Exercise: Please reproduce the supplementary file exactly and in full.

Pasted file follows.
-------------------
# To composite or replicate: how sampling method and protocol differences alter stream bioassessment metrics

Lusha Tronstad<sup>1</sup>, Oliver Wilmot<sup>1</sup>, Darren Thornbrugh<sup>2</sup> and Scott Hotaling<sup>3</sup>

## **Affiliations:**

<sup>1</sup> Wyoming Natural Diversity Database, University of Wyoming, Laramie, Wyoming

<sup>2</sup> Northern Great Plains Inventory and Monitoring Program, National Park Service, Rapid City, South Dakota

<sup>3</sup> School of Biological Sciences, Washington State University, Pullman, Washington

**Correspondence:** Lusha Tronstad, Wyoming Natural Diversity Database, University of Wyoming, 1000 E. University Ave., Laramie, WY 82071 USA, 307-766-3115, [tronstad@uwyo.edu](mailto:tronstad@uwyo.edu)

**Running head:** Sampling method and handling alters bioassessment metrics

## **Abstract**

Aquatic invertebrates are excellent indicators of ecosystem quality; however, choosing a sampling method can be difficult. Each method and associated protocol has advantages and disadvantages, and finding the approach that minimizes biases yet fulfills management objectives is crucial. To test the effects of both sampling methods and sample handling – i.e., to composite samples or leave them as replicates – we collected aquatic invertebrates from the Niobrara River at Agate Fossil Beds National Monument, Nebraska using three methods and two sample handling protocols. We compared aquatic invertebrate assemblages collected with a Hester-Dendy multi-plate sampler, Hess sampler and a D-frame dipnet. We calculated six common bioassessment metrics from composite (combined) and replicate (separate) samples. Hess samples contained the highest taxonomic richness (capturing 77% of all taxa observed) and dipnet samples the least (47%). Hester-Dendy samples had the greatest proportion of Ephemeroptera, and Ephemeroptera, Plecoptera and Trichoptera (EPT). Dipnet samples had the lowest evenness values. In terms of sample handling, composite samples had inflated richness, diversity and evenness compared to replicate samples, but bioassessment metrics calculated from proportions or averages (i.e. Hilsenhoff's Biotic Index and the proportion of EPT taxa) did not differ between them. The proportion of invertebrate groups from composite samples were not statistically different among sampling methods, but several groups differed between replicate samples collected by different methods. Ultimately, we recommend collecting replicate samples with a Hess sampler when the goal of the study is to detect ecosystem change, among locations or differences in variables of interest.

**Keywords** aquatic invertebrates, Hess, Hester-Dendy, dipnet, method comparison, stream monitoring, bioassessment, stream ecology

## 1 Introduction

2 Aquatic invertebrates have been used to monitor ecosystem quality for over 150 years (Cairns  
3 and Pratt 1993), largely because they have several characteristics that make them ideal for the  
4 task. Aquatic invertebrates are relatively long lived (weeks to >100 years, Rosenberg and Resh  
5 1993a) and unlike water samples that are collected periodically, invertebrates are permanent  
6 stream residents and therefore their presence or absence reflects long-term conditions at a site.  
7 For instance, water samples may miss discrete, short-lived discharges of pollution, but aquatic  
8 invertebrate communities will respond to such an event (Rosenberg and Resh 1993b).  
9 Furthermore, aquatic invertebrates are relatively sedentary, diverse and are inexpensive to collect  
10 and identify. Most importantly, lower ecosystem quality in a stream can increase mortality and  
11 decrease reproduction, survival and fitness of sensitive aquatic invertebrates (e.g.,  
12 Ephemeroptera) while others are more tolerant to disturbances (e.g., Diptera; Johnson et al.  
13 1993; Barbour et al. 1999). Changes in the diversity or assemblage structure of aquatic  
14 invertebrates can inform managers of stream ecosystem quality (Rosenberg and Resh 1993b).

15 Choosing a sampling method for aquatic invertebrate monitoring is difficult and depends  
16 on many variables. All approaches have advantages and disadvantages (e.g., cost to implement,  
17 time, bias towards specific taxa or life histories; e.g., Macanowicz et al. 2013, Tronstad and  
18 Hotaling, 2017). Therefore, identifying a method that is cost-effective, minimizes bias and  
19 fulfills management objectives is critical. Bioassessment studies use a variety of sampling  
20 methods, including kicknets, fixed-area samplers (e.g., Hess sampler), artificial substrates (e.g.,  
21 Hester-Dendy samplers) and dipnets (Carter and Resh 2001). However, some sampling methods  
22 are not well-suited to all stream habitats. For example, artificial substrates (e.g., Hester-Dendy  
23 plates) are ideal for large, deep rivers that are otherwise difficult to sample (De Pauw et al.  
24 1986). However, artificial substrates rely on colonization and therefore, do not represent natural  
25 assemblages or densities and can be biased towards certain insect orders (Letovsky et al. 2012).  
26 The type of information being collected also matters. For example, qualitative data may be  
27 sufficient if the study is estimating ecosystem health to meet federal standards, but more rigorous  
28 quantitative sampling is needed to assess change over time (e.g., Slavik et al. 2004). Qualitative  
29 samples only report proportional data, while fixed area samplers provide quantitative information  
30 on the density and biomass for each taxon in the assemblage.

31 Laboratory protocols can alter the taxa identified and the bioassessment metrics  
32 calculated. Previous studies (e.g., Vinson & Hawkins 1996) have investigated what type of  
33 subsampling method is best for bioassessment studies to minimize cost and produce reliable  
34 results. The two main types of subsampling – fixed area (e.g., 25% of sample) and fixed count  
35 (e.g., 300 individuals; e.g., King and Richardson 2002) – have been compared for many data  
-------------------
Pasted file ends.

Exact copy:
# To composite or replicate: how sampling method and protocol differences alter stream bioassessment metrics

Lusha Tronstad<sup>1</sup>, Oliver Wilmot<sup>1</sup>, Darren Thornbrugh<sup>2</sup> and Scott Hotaling<sup>3</sup>

## **Affiliations:**

<sup>1</sup> Wyoming Natural Diversity Database, University of Wyoming, Laramie, Wyoming

<sup>2</sup> Northern Great Plains Inventory and Monitoring Program, National Park Service, Rapid City, South Dakota

<sup>3</sup> School of Biological Sciences, Washington State University, Pullman, Washington

**Correspondence:** Lusha Tronstad, Wyoming Natural Diversity Database, University of Wyoming, 1000 E. University Ave., Laramie, WY 82071 USA, 307-766-3115, [tronstad@uwyo.edu](mailto:tronstad@uwyo.edu)

**Running head:** Sampling method and handling alters bioassessment metrics

## **Abstract**

Aquatic invertebrates are excellent indicators of ecosystem quality; however, choosing a sampling method can be difficult. Each method and associated protocol has advantages and disadvantages, and finding the approach that minimizes biases yet fulfills management objectives is crucial. To test the effects of both sampling methods and sample handling – i.e., to composite samples or leave them as replicates – we collected aquatic invertebrates from the Niobrara River at Agate Fossil Beds National Monument, Nebraska using three methods and two sample handling protocols. We compared aquatic invertebrate assemblages collected with a Hester-Dendy multi-plate sampler, Hess sampler and a D-frame dipnet. We calculated six common bioassessment metrics from composite (combined) and replicate (separate) samples. Hess samples contained the highest taxonomic richness (capturing 77% of all taxa observed) and dipnet samples the least (47%). Hester-Dendy samples had the greatest proportion of Ephemeroptera, and Ephemeroptera, Plecoptera and Trichoptera (EPT). Dipnet samples had the lowest evenness values. In terms of sample handling, composite samples had inflated richness, diversity and evenness compared to replicate samples, but bioassessment metrics calculated from proportions or averages (i.e. Hilsenhoff's Biotic Index and the proportion of EPT taxa) did not differ between them. The proportion of invertebrate groups from composite samples were not statistically different among sampling methods, but several groups differed between replicate samples collected by different methods. Ultimately, we recommend collecting replicate samples with a Hess sampler when the goal of the study is to detect ecosystem change, among locations or differences in variables of interest.

**Keywords** aquatic invertebrates, Hess, Hester-Dendy, dipnet, method comparison, stream monitoring, bioassessment, stream ecology

## 1 Introduction

2 Aquatic invertebrates have been used to monitor ecosystem quality for over 150 years (Cairns  
3 and Pratt 1993), largely because they have several characteristics that make them ideal for the  
4 task. Aquatic invertebrates are relatively long lived (weeks to >100 years, Rosenberg and Resh  
5 1993a) and unlike water samples that are collected periodically, invertebrates are permanent  
6 stream residents and therefore their presence or absence reflects long-term conditions at a site.  
7 For instance, water samples may miss discrete, short-lived discharges of pollution, but aquatic  
8 invertebrate communities will respond to such an event (Rosenberg and Resh 1993b).  
9 Furthermore, aquatic invertebrates are relatively sedentary, diverse and are inexpensive to collect  
10 and identify. Most importantly, lower ecosystem quality in a stream can increase mortality and  
11 decrease reproduction, survival and fitness of sensitive aquatic invertebrates (e.g.,  
12 Ephemeroptera) while others are more tolerant to disturbances (e.g., Diptera; Johnson et al.  
13 1993; Barbour et al. 1999). Changes in the diversity or assemblage structure of aquatic  
14 invertebrates can inform managers of stream ecosystem quality (Rosenberg and Resh 1993b).

15 Choosing a sampling method for aquatic invertebrate monitoring is difficult and depends  
16 on many variables. All approaches have advantages and disadvantages (e.g., cost to implement,  
17 time, bias towards specific taxa or life histories; e.g., Macanowicz et al. 2013, Tronstad and  
18 Hotaling, 2017). Therefore, identifying a method that is cost-effective, minimizes bias and  
19 fulfills management objectives is critical. Bioassessment studies use a variety of sampling  
20 methods, including kicknets, fixed-area samplers (e.g., Hess sampler), artificial substrates (e.g.,  
21 Hester-Dendy samplers) and dipnets (Carter and Resh 2001). However, some sampling methods  
22 are not well-suited to all stream habitats. For example, artificial substrates (e.g., Hester-Dendy  
23 plates) are ideal for large, deep rivers that are otherwise difficult to sample (De Pauw et al.  
24 1986). However, artificial substrates rely on colonization and therefore, do not represent natural  
25 assemblages or densities and can be biased towards certain insect orders (Letovsky et al. 2012).  
26 The type of information being collected also matters. For example, qualitative data may be  
27 sufficient if the study is estimating ecosystem health to meet federal standards, but more rigorous  
28 quantitative sampling is needed to assess change over time (e.g., Slavik et al. 2004). Qualitative  
29 samples only report proportional data, while fixed area samplers provide quantitative information  
30 on the density and biomass for each taxon in the assemblage.

31 Laboratory protocols can alter the taxa identified and the bioassessment metrics  
32 calculated. Previous studies (e.g., Vinson & Hawkins 1996) have investigated what type of  
33 subsampling method is best for bioassessment studies to minimize cost and produce reliable  
34 results. The two main types of subsampling – fixed area (e.g., 25% of sample) and fixed count  
35 (e.g., 300 individuals; e.g., King and Richardson 2002) – have been compared for many data  